Not all of those couples (about 250,000) are necessarily legally "married," however. The Census Bureau relies entirely on the respondent's self-report as to the couple's relationship, and does not inquire into whether they have obtained a legal civil marriage license. In 2010, an openly homosexual Census Bureau official actually urged same-sex couples to indicate they were "married" even without a legal marriage license. Therefore, the percentage of same-sex couples who are legally "married" in the U.S. is probably even lower than 34.6 percent.
The Pew Research Center reported in June of 2013 that only 71,165 legal same-sex "marriages" could be confirmed to have taken place in the United States. While the actual number is certain to be higher (Maryland and DC had not yet reported numbers of same-sex unions since they had redefined "marriage," and some couples have "married" in other countries), it is nowhere near 250,000.
Of course, a majority of states still do not issue civil marriage licenses to same-sex couples. (Virtually all states that do, however, will allow people from any state to marry there, so being unable to obtain such a license in one's state of residence is no bar to getting "married" in another state.) Nevertheless, even if we look at data only for the seven U.S. jurisdictions that had already permitted same-sex "marriages" for more than a year before 2013 began (Massachusetts, Connecticut, Iowa, Vermont, New Hampshire, D.C., and New York), we find that the percentage of same-sex couples who reported as "spouses" in those states was barely over half, at 54.9 percent.
This is in sharp contrast to the situation among opposite-sex couples. Despite the dramatic increase in cohabitation in recent decades, 89.3 percent of all opposite-sex couples who live together are married, with only 10.7 percent cohabiting without benefit of marriage. To put it another way—same-sex couples who live together are at least four times as likely as opposite-sex couples to reject marriage, even when it is available to them.
The combination of these three factors—the minuscule size of the homosexual population, the failure of most homosexuals to form long-term relationships, and the ironic unwillingness to marry (despite the zealous campaign for the "right" to do so) on the part of nearly half of cohabiting homosexual partners—all add up to same-sex "marriages" being an almost negligible factor in the number of "married-couple" households. Only 0.45 percent of all such households—about 1 in 220—are headed by self-described same-sex "spouses."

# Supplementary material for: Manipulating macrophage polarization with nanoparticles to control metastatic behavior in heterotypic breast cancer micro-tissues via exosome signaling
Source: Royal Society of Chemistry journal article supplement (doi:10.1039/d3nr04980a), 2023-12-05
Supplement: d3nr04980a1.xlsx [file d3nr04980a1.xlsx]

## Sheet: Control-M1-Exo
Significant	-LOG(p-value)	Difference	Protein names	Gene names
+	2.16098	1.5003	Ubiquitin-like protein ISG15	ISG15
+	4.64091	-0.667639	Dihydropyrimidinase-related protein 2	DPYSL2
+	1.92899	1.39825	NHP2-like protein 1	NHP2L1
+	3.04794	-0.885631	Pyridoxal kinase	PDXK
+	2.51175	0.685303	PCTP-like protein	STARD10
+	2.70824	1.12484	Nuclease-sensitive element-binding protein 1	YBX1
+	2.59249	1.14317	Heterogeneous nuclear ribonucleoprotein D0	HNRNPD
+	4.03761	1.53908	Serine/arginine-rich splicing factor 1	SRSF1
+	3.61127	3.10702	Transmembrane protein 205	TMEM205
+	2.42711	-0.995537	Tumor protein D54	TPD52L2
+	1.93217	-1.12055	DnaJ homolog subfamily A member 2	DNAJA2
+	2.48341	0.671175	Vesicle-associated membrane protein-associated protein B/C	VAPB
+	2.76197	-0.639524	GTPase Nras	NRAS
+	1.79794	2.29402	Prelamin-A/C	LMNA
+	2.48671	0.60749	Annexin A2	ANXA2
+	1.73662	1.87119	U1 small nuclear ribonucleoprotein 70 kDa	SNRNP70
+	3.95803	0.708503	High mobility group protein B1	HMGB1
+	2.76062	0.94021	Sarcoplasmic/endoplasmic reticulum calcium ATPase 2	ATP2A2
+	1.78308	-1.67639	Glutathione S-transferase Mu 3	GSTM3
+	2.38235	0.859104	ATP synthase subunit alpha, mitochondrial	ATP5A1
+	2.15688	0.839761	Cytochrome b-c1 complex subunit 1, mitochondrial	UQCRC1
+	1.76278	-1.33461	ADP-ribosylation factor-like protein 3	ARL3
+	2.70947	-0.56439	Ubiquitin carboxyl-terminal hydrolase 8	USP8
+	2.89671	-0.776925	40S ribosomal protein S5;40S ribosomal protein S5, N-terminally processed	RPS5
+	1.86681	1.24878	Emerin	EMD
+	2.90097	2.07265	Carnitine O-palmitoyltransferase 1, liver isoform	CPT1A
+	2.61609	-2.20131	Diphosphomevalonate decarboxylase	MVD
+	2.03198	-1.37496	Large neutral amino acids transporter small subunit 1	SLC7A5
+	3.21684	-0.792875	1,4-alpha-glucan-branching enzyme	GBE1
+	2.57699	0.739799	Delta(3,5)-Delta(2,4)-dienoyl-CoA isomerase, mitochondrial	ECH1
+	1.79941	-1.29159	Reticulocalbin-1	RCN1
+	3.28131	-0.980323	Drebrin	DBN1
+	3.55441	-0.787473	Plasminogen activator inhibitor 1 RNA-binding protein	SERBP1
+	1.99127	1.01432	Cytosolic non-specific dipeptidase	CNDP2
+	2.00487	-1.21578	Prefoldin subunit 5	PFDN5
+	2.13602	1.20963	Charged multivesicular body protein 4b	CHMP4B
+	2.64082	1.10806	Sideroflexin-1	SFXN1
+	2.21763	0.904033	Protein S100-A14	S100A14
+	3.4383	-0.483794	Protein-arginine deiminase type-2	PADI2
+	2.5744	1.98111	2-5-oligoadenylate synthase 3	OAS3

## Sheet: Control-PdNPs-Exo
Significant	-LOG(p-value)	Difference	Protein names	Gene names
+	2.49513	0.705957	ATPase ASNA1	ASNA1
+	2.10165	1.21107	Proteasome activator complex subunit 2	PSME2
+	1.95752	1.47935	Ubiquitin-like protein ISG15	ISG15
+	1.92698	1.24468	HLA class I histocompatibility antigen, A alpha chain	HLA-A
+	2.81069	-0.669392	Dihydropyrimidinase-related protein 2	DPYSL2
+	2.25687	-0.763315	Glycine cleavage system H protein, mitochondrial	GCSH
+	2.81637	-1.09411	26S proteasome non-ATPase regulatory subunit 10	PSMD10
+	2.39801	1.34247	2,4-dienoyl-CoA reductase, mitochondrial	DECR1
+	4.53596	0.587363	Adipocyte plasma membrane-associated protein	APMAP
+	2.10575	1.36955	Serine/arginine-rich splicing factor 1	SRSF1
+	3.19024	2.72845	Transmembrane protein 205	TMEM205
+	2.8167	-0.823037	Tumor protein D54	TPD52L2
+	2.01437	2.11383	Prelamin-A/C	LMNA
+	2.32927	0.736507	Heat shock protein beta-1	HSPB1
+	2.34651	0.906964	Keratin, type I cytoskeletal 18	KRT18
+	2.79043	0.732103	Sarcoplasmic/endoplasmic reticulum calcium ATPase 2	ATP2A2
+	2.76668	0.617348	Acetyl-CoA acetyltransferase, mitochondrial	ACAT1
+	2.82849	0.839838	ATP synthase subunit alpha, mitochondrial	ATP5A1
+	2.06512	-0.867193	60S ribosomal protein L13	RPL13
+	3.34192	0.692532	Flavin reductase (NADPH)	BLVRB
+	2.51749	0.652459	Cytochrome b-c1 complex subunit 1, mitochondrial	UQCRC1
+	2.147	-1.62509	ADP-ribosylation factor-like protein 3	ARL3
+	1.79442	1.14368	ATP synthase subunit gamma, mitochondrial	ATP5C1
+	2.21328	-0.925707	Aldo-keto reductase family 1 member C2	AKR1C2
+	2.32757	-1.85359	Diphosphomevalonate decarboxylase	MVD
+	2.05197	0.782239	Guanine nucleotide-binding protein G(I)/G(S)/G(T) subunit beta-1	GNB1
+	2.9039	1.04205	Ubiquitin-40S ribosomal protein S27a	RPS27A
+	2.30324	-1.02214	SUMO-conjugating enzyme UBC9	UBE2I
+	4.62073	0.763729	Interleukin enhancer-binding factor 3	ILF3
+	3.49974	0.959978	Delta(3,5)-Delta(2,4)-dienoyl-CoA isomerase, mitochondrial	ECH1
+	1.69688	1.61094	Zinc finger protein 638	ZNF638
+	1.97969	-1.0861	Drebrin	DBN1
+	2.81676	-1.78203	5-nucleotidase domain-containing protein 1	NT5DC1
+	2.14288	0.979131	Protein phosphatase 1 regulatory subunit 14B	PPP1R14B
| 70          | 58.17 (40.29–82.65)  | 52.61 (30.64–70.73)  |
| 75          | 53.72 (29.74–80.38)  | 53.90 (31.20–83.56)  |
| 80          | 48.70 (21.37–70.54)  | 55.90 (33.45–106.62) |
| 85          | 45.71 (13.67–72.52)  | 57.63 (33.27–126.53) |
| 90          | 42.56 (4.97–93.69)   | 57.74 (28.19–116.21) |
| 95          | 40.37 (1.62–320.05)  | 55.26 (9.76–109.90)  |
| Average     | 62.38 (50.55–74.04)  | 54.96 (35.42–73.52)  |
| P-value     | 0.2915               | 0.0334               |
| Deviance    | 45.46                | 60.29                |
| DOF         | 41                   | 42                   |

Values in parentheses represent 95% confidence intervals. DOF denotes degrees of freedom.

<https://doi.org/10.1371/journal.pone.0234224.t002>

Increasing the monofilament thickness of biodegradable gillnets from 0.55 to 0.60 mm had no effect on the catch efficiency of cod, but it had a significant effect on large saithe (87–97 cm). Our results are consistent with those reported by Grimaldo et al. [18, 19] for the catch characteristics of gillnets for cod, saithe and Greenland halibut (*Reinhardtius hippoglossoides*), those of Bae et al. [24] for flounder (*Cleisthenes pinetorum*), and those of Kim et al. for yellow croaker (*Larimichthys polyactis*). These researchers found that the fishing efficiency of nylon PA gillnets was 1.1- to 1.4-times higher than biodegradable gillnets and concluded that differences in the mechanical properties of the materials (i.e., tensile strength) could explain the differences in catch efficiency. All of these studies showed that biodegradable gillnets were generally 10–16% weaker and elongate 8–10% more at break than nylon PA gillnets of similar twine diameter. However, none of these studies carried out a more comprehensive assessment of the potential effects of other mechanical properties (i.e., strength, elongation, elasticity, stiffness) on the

Setting a bad example
The fact that homosexuals are much less likely than heterosexuals to enter into committed relationships, and are much less likely to solemnize such relationships in marriage even when they have formed them, should seriously call into question the myth of the marriage redefinition movement that there is no difference between homosexual and heterosexual relationships except the gender of their partners.
However, it should do even more than that. It should raise an alarm about one of the implications of redefining civil marriage to include same-sex couples. Advocates of redefinition often ask how a same-sex couple getting married could possibly hurt anyone else. Ironically, their rejection of marriage, even when offered to them, may be one source of harm.
We are all influenced by the behavior of those around us. Seeing our friends, neighbors, classmates and co-workers sleep around in casual relationships with no commitment makes it seem more acceptable for us to do the same. Seeing them live together rather than make a life-long commitment in marriage makes it more thinkable for us to follow suit. Seeing couples around us divorce may make divorce seem like an option for us, too.
If we redefine marriage to include homosexual relationships, it will amount to an official declaration, as a matter of public policy, that homosexual relationships are indistinguishable from heterosexual ones. As a consequence, heterosexuals will become more likely to look to their homosexual acquaintances—and their sexual and relationship conduct—as role models for themselves. But what homosexuals model is a lack of committed relationships in general and a lack of commitment to marriage in particular.
Therefore, as a growing number of heterosexuals begin to follow the example of the homosexuals with which they are acquainted, a likely consequence of redefining marriage will be, ironically, that fewer people will marry at all. So the long-term decline of marriage will continue not in spite of same-sex "marriage," as the Washington Examiner and the Pew Research Center seemed to assume, but because of it.
This is only one of the harms which should give pause to our nation in general—and our courts in particular—about rushing into the radical social experiment of redefining marriage.